Socrates had more of an optimistic view on his death than most persons would be, he felt that if he reflected on death as a greater good then he had reason to hope that death will bring him one of two things “either death is a state of nothingness and utter unconsciousness, or as men say, a change in migration of the soul to another world. (98)”  He makes reference that there is a possibility that his death or death in general could be the way that a soul may be brought to a peaceful slumber sleep or that the person will be able to talk to those of the past and could ask for guidance and seek peace in questions of unknown truthful knowledge that hinders the burdens of the body. Thus, death would be a way to be able to get answers or even deliverance from the ones who proceed over the justice system. Socrates knows he will die no matter how much he tries to clear his name and the accusations that he claims to be in a negative view point of his accusers, but he is alright with his outcome. He doesn’t like the fact that the ones who are the condemning squad will freely live on. He goes on to question if it’s a good decision for him to die and them to live which he focus on for a short time because he is still at peace of mind with the decision and acknowledges that only God knows what’s righteous and fair. However, he knows that he’ll soon meet his end and depart into a life of eternity somewhere somehow just not sure of in what way. I learned the he has so embraced his departure from this earthly burdens that he has begged a favor of the courts to do the same as to punish his sons when they get older to trouble them as he has troubled the courts and the accusers if they are to desire riches or anything more than righteousness, or if they pretend to be more than mediocre. He wants no son of his to think that he is above justice. He believes even in his death that pilgrimage would be worth traveling as to another world that has peace and tranquility. He makes death out to be a glorious experience that one should look forward to. I almost felt like it was some place I would like to go. He makes sure to say that if the court's think by killing him that his accusers will leave everyone at their own life, well they are truly mistakenly wrong; because the accusers will find someone else to victimize. And it just may be that in the judicial system. He goes on to make clear that he is also pleased with infinite delight in fact that he will be allowed to converse with the leaders of the great Trojan expedition or Odysseus or Sisyphus or a great number of others. He sounds like he has influenced himself in knowing he will find certainty in being happier in a place that you can no longer be put to death he would become immortal if what is expected as he does. He longs to meet his sons in the future and almost gives his blessings to the courts for his death in receiving his justice at the mercy of Meletus.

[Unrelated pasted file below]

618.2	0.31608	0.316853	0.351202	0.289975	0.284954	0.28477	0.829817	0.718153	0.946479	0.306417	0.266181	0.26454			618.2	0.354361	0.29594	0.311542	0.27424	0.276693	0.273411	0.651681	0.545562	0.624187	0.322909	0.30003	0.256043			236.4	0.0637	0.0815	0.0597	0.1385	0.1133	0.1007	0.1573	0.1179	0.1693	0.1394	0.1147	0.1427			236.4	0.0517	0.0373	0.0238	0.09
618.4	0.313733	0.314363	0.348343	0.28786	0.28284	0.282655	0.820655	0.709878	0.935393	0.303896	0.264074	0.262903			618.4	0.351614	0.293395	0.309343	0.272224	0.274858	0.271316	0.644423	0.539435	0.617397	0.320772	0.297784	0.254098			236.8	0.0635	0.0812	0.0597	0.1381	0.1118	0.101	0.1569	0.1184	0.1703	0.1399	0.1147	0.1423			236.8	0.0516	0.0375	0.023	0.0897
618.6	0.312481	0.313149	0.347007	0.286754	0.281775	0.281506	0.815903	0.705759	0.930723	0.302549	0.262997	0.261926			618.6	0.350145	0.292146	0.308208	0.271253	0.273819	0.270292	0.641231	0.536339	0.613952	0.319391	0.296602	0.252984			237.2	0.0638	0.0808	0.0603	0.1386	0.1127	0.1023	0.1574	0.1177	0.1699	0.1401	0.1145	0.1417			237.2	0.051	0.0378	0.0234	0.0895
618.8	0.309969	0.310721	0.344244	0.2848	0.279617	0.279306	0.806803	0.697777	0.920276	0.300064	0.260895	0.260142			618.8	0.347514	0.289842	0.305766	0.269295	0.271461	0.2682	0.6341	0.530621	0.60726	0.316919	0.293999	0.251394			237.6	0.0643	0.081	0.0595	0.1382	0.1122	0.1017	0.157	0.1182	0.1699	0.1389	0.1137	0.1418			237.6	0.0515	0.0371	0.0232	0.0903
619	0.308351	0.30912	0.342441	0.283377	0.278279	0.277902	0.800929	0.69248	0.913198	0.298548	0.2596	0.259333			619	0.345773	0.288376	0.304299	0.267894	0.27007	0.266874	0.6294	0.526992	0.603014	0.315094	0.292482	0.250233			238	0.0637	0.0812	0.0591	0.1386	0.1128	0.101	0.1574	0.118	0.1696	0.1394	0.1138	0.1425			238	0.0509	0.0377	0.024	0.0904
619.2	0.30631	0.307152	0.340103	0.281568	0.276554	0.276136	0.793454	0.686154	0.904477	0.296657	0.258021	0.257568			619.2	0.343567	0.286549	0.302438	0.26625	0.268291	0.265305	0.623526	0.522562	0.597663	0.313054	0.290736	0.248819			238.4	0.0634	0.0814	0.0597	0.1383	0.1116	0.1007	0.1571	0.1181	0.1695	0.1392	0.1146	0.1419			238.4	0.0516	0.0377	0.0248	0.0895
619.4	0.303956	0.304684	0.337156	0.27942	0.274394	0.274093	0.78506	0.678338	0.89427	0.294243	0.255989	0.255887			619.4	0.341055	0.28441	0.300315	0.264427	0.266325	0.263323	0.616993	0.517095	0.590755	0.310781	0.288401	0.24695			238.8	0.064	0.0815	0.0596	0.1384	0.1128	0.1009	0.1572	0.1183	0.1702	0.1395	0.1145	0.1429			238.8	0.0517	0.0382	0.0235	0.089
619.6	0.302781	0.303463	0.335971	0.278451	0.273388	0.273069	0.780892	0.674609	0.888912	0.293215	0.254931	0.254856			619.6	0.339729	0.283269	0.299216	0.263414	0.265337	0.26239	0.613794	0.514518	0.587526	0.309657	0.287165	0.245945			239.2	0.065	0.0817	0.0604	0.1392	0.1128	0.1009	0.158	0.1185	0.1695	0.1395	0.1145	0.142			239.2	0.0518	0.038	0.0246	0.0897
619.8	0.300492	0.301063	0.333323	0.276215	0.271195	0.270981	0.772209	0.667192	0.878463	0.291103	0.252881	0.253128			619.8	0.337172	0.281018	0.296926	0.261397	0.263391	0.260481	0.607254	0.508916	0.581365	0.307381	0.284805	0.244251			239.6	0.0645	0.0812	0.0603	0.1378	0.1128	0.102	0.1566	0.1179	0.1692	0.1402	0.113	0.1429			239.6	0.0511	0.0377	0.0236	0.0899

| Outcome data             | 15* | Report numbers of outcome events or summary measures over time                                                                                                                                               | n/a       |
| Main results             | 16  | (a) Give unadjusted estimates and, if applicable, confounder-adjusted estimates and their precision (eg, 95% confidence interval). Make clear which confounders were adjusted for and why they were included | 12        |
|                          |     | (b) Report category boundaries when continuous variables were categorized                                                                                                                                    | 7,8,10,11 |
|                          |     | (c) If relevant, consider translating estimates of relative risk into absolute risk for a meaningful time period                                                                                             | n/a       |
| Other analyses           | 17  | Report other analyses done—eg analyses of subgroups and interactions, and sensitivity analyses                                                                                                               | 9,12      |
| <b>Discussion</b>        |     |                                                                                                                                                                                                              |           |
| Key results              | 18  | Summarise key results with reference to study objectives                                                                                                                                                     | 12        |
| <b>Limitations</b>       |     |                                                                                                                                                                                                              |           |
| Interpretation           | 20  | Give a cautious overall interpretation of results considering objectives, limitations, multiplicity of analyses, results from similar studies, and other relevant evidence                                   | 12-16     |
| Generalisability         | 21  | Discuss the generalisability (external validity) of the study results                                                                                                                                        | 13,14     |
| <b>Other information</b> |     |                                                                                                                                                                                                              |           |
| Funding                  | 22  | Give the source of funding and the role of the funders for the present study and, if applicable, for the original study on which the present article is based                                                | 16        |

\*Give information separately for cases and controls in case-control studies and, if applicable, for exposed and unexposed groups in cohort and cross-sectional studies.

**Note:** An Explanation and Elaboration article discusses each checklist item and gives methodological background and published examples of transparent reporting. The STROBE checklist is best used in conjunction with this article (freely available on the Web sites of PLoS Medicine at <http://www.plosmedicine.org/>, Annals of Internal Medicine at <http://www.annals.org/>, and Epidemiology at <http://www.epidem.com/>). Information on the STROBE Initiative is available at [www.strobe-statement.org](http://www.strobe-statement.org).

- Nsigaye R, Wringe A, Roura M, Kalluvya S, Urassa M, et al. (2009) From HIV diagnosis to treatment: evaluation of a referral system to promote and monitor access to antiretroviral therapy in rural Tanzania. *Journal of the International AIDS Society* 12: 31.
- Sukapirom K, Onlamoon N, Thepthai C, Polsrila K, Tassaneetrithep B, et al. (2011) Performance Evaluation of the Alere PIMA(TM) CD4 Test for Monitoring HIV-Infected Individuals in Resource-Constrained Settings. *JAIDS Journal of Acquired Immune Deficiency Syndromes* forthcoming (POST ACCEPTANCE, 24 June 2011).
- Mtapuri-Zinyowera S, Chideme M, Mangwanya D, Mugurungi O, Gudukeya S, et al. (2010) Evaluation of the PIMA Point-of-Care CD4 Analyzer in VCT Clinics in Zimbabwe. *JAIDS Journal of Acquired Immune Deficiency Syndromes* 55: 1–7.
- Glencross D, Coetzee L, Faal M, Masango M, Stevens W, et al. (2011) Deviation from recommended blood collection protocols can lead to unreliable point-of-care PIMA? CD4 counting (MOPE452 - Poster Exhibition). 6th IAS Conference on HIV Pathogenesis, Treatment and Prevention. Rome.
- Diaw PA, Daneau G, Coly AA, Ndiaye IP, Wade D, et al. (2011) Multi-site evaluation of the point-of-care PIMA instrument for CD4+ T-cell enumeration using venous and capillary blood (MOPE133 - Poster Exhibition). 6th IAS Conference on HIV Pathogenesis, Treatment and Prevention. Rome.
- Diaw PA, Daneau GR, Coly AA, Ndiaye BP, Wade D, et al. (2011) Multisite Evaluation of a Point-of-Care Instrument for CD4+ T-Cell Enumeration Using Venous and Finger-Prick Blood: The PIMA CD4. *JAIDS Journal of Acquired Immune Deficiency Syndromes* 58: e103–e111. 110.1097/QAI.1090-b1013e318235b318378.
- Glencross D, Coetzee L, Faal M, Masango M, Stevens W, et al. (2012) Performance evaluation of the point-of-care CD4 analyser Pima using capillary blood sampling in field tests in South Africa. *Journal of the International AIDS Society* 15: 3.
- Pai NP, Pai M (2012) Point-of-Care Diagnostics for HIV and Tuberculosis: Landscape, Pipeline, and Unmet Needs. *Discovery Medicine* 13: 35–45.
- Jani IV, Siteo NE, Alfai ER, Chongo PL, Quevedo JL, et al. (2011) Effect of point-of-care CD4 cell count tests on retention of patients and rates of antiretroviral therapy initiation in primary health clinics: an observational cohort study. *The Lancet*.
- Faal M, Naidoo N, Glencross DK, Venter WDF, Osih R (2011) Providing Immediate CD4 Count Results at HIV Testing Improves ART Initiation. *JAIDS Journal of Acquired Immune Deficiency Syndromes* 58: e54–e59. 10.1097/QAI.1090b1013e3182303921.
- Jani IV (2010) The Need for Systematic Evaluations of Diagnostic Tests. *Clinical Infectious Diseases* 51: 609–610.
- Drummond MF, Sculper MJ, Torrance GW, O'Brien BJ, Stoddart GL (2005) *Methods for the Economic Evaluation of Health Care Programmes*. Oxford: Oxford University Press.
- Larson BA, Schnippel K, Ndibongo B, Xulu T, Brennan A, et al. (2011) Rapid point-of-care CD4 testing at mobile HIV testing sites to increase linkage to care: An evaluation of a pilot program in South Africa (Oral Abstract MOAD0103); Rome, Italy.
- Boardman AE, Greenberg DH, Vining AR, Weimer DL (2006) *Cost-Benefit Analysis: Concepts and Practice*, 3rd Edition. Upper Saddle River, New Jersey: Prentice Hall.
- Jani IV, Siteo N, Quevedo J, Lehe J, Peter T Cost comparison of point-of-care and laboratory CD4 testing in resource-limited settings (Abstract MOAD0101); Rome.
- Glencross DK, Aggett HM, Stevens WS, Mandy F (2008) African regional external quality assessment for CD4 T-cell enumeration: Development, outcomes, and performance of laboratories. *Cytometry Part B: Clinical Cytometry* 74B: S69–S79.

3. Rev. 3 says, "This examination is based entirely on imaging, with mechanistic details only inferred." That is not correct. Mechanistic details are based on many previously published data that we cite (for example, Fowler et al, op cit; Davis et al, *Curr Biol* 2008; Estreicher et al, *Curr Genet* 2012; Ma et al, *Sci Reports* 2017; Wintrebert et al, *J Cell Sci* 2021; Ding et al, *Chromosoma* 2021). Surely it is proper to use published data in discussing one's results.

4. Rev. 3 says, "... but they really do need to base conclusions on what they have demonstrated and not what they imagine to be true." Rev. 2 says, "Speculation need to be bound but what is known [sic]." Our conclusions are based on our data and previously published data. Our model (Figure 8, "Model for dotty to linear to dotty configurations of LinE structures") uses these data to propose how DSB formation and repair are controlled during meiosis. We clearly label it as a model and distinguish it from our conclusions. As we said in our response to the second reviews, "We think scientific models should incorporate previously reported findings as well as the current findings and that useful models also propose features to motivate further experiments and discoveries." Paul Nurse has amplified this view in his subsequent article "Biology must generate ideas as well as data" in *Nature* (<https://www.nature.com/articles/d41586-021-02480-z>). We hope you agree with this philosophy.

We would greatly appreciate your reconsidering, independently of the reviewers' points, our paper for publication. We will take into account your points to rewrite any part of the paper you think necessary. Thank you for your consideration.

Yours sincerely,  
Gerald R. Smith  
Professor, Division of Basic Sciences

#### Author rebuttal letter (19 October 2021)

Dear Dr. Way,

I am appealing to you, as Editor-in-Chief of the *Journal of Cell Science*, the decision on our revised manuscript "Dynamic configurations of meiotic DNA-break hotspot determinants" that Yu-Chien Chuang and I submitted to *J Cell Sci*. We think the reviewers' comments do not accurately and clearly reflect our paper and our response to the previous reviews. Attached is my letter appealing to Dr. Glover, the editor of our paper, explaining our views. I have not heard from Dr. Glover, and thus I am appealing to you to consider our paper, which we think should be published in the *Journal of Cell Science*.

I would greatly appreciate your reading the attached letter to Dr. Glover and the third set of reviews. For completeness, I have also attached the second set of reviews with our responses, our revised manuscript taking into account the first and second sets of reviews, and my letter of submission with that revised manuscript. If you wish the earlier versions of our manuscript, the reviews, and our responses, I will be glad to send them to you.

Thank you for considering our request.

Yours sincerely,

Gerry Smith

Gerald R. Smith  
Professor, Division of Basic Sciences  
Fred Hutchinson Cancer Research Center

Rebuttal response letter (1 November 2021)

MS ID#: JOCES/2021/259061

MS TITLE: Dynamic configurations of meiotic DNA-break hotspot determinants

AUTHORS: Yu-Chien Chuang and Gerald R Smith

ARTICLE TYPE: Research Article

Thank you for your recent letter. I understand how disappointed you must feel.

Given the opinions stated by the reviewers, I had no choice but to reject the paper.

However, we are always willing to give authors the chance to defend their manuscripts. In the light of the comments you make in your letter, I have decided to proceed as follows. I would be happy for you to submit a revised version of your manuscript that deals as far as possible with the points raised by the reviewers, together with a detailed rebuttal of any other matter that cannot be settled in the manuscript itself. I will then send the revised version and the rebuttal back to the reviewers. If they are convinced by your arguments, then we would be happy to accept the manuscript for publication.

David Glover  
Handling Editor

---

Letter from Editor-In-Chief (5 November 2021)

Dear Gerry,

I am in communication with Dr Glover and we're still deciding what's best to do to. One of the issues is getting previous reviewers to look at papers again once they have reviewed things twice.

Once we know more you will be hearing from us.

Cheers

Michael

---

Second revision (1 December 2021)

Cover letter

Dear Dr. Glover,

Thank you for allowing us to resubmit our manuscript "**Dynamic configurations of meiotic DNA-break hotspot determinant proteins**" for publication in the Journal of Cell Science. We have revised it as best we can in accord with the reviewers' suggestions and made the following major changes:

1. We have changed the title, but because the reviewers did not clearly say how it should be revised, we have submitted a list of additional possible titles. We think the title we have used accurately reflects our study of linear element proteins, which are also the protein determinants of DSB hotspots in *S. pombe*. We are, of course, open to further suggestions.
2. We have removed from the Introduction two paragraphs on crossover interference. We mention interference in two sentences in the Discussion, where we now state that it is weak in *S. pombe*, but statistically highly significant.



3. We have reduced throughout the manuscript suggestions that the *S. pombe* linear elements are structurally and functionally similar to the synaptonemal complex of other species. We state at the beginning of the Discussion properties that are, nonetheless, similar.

Saturday, September 17, 2016

The Precis and the Figurative Reading

As promised this Thursday, I am posting a brief but more detailed description of the two short 2-3pp. written assignments required for this course in addition to the longer final paper (which you don't really have to worry about yet) and the notebook and participation/attendance requirements (which you have already been doing all along -- I sincerely hope). One of the short writing assignments is to be a precis of an argument in one of our assigned texts and the other is a figurative reading of a passage in one of our assigned texts. I leave it to you which assignment you wish to do first. Although there are deadlines for the two papers -- midnight Saturday, October 7, for the first one; midnight Saturday, November 25, for the second one -- I encourage you to do these assignments when it is convenient for you from now right up to the deadline, the earlier the better.